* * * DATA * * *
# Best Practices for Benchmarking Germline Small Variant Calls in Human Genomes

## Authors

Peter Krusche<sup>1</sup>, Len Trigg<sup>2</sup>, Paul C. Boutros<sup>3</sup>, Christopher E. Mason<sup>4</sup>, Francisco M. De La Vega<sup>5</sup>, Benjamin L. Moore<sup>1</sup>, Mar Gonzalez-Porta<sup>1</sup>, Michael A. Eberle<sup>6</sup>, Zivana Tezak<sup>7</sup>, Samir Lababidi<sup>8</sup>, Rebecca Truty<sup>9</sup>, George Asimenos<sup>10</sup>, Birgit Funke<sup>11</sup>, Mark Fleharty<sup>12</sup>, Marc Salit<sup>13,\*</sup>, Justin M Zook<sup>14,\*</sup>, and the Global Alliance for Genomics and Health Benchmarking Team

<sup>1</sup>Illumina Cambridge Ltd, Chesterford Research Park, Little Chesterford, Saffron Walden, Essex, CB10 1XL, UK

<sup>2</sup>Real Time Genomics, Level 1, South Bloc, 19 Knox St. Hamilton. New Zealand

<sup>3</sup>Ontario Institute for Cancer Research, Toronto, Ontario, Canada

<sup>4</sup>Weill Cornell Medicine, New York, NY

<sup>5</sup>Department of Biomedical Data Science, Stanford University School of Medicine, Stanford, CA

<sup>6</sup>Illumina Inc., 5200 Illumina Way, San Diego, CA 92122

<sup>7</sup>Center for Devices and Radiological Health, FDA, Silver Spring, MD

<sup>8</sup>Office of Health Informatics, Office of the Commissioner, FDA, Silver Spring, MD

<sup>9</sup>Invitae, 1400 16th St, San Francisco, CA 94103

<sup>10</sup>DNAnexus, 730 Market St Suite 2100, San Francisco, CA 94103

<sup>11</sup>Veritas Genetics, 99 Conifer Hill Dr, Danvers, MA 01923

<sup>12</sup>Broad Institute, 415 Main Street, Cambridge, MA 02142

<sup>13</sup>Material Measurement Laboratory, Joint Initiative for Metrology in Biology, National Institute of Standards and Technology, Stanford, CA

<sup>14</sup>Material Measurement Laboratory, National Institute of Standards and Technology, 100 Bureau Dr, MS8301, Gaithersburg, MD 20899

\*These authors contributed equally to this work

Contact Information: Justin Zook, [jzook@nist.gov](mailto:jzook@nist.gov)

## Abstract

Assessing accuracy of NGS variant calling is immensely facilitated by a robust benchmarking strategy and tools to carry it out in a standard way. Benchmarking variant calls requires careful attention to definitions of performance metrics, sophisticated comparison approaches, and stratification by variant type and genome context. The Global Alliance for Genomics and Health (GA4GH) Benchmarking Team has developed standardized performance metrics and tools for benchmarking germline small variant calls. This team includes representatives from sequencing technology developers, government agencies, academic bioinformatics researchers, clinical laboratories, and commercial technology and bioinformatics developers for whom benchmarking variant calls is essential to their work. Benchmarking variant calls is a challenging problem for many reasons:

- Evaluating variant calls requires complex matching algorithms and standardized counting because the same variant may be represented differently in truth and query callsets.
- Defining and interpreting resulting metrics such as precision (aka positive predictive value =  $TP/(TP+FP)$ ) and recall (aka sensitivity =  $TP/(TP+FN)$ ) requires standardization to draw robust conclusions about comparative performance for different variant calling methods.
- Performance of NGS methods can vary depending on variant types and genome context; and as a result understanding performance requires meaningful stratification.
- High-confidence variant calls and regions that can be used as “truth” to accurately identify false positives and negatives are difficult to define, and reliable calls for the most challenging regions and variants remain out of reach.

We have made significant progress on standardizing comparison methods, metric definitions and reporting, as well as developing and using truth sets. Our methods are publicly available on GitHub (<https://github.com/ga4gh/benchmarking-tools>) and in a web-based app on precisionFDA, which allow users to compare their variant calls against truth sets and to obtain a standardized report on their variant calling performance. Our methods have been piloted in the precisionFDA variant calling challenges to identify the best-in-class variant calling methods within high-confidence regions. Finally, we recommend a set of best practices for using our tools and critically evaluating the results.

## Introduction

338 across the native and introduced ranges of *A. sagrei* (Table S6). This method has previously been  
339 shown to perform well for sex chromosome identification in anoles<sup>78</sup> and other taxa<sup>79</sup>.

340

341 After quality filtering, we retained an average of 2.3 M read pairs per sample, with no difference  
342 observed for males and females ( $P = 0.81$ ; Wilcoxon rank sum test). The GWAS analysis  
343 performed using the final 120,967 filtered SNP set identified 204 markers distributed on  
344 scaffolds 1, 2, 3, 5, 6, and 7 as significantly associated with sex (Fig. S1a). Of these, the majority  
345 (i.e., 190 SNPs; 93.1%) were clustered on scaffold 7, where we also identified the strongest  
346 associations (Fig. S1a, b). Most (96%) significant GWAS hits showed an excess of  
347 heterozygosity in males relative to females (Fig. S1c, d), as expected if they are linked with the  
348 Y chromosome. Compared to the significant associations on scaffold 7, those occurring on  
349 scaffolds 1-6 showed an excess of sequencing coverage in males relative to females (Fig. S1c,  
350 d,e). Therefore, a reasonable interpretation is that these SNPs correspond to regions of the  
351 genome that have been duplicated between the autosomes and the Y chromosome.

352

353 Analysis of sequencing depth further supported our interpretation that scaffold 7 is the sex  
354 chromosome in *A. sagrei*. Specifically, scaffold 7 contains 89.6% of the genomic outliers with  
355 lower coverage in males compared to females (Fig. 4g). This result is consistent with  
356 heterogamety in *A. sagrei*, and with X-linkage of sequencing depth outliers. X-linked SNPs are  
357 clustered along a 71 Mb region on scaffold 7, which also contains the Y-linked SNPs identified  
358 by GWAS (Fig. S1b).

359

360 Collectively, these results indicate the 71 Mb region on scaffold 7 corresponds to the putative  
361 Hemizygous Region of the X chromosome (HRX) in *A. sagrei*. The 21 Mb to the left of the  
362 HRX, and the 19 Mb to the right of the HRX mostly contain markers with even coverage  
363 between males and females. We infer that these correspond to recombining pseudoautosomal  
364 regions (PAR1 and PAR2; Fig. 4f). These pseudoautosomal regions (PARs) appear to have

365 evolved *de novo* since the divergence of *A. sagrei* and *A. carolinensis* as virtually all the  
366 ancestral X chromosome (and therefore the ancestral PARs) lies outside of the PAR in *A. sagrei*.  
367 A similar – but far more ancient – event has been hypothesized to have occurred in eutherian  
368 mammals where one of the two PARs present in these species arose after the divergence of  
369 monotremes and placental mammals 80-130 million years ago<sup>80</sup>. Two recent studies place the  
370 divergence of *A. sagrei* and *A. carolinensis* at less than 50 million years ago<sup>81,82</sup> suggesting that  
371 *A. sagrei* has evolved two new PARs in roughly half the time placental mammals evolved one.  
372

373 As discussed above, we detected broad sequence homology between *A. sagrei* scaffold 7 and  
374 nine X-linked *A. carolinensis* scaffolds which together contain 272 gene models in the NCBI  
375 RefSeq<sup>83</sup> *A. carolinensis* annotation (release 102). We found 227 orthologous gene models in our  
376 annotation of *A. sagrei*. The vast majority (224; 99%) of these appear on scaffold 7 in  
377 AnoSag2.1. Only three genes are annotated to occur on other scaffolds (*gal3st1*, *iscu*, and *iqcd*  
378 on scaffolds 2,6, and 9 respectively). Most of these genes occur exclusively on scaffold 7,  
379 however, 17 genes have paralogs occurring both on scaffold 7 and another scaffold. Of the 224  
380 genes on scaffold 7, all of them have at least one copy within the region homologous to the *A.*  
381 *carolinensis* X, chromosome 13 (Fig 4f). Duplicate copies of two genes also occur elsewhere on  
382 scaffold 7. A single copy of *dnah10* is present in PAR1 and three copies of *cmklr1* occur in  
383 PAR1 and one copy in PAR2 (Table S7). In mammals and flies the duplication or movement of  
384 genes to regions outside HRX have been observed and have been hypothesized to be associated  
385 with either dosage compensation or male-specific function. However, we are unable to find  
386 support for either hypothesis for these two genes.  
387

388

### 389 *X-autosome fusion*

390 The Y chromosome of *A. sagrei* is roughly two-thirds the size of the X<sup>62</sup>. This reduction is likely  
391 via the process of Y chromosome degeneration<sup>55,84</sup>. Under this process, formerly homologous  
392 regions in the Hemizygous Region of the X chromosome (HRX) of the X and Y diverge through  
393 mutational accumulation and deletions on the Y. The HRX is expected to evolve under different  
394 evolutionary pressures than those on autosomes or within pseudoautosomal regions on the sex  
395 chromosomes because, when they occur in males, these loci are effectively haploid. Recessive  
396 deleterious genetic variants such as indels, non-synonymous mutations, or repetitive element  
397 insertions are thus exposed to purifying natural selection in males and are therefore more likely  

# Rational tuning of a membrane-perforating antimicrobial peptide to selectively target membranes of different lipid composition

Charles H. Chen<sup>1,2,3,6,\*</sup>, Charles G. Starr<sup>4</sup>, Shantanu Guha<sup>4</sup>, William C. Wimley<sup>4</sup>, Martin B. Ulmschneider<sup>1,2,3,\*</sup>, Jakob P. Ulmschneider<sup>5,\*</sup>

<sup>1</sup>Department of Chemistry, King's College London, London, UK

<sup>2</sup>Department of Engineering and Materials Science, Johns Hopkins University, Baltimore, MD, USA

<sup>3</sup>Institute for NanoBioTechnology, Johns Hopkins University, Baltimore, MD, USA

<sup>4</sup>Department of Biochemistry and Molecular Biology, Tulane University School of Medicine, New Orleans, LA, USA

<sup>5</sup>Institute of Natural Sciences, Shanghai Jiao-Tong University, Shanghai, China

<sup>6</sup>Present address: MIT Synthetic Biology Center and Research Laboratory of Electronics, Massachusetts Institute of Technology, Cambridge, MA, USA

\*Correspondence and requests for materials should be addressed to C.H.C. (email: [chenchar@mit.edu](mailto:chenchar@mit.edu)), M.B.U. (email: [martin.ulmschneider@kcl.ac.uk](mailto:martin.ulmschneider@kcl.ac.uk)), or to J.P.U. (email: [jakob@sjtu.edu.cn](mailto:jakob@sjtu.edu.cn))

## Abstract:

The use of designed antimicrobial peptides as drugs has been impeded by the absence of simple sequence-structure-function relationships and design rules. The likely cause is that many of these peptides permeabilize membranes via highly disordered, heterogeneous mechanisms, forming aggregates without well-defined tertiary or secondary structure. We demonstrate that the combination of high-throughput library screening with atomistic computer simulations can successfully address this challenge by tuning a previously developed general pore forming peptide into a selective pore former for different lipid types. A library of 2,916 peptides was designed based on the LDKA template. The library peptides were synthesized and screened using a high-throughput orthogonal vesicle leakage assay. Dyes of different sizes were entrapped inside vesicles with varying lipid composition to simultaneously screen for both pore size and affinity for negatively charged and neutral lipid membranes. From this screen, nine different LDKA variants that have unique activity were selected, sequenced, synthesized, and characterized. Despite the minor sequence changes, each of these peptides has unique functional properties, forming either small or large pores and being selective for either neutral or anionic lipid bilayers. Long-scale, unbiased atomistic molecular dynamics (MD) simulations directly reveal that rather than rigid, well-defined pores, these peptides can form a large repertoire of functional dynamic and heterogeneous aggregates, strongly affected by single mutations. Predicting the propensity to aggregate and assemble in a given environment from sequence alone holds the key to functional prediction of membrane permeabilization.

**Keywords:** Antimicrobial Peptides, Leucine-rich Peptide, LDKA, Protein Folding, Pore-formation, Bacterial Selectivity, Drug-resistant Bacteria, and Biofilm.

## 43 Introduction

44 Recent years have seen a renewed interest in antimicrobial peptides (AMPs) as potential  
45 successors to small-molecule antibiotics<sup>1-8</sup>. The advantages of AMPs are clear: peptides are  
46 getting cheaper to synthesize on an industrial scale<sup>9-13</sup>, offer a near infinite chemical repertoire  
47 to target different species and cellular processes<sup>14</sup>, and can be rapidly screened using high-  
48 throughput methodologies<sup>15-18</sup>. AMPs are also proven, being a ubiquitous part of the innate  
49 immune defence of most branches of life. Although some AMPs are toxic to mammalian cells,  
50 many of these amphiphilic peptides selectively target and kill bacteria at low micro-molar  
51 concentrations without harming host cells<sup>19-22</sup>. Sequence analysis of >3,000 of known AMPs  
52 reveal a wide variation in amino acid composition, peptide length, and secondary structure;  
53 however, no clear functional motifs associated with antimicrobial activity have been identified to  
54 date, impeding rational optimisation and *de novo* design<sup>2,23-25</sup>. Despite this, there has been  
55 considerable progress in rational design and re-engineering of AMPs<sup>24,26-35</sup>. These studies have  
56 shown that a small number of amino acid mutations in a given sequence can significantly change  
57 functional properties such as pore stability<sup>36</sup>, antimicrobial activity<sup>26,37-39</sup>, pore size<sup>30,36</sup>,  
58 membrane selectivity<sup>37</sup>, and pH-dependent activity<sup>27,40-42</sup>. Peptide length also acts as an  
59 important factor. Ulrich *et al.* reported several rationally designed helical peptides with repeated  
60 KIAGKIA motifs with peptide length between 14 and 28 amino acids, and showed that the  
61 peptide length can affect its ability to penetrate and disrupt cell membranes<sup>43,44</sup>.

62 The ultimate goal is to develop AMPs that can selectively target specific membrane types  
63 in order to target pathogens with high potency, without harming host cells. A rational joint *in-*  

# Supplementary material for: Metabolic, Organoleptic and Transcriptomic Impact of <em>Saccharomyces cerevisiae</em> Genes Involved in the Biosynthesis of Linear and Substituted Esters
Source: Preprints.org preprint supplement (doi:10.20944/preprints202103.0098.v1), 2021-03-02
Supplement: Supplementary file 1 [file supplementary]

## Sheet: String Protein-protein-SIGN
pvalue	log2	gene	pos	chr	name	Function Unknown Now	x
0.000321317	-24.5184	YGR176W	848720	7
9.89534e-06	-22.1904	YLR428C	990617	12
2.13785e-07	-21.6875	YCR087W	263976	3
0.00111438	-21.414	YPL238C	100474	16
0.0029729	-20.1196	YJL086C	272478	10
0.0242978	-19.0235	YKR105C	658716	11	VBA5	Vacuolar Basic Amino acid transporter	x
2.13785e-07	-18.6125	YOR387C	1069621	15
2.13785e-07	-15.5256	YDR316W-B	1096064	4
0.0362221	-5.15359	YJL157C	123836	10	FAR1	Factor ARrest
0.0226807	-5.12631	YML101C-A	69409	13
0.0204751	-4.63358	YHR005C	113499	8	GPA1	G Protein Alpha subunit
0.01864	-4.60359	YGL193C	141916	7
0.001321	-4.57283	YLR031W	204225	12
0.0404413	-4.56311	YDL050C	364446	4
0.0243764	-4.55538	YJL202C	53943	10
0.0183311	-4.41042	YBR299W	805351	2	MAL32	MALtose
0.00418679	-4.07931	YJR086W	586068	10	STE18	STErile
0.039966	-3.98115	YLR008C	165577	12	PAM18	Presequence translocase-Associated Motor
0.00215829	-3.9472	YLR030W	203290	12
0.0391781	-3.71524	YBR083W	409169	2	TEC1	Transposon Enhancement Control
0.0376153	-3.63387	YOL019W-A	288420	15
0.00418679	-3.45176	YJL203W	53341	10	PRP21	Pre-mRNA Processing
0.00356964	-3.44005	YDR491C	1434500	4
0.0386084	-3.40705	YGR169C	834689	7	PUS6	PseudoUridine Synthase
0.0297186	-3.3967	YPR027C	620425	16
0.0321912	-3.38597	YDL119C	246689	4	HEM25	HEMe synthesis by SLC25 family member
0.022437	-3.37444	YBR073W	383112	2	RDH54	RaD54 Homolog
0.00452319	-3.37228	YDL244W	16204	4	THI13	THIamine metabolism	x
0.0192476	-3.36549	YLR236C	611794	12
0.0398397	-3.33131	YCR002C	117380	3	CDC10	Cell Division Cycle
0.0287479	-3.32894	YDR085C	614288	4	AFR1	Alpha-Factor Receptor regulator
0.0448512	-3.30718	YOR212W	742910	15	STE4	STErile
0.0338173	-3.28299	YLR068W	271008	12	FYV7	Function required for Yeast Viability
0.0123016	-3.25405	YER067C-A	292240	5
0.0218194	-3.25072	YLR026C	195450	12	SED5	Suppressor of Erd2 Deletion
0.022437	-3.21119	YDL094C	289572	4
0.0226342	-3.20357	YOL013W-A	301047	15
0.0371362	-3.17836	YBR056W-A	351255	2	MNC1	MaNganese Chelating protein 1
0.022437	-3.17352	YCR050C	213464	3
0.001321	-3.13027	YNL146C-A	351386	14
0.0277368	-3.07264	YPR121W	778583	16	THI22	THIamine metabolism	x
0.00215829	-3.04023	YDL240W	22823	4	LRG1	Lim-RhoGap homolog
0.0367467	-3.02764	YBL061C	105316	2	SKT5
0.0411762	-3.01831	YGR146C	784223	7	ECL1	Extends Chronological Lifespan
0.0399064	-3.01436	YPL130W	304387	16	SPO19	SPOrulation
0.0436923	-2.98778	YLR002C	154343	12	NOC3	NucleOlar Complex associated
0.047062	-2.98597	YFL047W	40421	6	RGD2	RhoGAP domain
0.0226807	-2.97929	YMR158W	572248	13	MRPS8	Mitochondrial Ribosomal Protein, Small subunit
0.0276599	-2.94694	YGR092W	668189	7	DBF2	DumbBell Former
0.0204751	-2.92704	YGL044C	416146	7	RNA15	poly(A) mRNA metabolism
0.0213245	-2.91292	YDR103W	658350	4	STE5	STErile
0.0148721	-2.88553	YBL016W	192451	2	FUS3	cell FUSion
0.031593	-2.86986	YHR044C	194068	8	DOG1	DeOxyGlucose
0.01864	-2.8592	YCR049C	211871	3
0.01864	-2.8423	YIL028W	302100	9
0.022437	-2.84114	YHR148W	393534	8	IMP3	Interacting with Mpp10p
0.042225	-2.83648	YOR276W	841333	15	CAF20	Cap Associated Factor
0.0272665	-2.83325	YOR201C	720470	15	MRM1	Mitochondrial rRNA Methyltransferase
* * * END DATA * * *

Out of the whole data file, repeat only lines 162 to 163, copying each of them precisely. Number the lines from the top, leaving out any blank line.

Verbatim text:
0.0226342	-3.20357	YOL013W-A	301047	15
0.0371362	-3.17836	YBR056W-A	351255	2	MNC1	MaNganese Chelating protein 1